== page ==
A new study published in the journal Biological Conservation, reports that insect populations are declining precipitously worldwide due to "habitat loss and conversion to intensive agriculture and urbanization," pollution, particularly from pesticides and fertilizers, as well as biological factors, such as "pathogens and introduced species" and climate change.
More than 40% of insect species could become extinct in the next few decades, according to the report, titled "Worldwide decline of the entomofauna: A review of its drivers".
Insect biomass is declining by a staggering 2.5% a year, a rate that indicates widespread extinctions within a century, the report found.
In addition to the 40% at risk of dying out, a third of species are endangered - numbers that could cause the collapse of the planet's ecosystems with a devastating impact on life on Earth.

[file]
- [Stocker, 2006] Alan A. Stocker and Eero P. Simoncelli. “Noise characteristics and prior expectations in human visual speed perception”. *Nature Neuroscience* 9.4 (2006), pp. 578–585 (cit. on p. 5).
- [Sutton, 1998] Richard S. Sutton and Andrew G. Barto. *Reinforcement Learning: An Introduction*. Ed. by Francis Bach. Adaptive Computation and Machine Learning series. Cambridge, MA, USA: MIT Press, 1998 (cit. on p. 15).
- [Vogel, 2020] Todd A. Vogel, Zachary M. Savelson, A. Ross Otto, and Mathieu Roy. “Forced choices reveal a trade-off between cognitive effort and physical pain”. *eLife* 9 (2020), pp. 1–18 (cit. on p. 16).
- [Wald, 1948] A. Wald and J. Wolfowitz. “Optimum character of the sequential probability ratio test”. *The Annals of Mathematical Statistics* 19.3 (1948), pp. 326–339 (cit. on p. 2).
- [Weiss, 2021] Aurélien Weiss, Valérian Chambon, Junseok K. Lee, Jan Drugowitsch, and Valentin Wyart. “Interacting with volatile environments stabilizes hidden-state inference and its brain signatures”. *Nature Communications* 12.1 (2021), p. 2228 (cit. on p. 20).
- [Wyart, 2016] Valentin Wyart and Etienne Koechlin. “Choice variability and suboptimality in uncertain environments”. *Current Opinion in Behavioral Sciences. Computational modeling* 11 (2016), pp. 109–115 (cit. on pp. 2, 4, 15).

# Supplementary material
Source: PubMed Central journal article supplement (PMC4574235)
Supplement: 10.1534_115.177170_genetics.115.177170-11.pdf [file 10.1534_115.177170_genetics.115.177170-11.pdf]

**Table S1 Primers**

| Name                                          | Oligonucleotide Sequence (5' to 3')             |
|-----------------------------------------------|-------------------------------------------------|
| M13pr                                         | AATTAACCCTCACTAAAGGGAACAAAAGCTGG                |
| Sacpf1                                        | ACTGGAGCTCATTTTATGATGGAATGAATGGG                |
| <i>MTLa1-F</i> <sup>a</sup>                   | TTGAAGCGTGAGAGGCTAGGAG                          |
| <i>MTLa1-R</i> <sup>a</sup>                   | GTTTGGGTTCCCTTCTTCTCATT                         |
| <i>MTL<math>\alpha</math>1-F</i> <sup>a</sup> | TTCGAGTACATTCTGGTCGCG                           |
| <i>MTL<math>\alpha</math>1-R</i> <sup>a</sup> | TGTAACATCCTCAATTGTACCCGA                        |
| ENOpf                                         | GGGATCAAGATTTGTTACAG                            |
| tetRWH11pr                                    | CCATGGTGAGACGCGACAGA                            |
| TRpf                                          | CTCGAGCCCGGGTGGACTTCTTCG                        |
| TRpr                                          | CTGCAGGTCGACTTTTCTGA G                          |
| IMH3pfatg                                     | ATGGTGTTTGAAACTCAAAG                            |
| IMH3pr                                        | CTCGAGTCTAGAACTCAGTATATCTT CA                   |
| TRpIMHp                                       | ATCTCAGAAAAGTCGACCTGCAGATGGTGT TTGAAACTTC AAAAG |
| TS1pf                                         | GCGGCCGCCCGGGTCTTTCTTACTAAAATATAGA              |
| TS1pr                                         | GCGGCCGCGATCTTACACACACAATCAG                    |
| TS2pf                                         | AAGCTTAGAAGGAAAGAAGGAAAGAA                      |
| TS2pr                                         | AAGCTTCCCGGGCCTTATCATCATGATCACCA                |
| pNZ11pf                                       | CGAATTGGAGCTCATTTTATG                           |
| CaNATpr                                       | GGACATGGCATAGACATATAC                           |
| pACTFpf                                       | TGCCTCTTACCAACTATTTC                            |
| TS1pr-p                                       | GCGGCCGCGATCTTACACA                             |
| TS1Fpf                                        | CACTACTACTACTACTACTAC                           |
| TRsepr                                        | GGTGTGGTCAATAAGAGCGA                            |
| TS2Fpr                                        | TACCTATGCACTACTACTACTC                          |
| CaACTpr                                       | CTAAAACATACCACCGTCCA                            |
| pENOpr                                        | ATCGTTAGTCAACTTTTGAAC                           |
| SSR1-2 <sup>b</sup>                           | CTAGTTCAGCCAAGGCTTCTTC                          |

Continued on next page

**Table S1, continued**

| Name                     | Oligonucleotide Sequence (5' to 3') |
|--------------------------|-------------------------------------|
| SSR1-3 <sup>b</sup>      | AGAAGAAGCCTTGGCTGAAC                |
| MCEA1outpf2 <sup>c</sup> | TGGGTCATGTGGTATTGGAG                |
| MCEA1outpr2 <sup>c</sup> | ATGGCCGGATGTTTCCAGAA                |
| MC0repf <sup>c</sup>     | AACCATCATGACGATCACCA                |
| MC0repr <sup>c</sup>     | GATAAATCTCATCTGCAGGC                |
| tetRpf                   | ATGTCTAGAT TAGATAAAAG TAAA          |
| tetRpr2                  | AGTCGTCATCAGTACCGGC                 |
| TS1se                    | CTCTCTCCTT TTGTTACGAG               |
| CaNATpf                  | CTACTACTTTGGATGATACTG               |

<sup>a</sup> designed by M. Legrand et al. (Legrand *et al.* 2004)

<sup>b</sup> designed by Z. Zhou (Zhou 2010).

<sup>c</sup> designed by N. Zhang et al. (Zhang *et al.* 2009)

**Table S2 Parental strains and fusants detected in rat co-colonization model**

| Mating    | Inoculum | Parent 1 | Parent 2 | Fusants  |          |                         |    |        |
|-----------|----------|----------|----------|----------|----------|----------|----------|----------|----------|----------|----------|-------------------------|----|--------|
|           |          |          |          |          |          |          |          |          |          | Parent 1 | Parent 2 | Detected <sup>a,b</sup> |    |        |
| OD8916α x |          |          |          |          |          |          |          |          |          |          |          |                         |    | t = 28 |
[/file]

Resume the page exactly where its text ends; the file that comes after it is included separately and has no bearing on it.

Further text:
The report, co-authored by scientists from the universities of Sydney and Queensland and the China Academy of Agricultural Sciences, looked at dozens of existing reports on insect decline published over the past three decades, and examined the reasons behind the falling numbers to produce the alarming global picture.
Its lead author, Francisco Sanchez-Bayo, of the School of Life and Environmental Sciences at the University of Sydney, called the study the first truly global examination of the issue.
The report also noted that while large numbers of specialist insects — which fill a specific ecological niche, and general insects were declining — a small group of adaptable insects were seeing their numbers rise, but nowhere near enough to arrest the decline.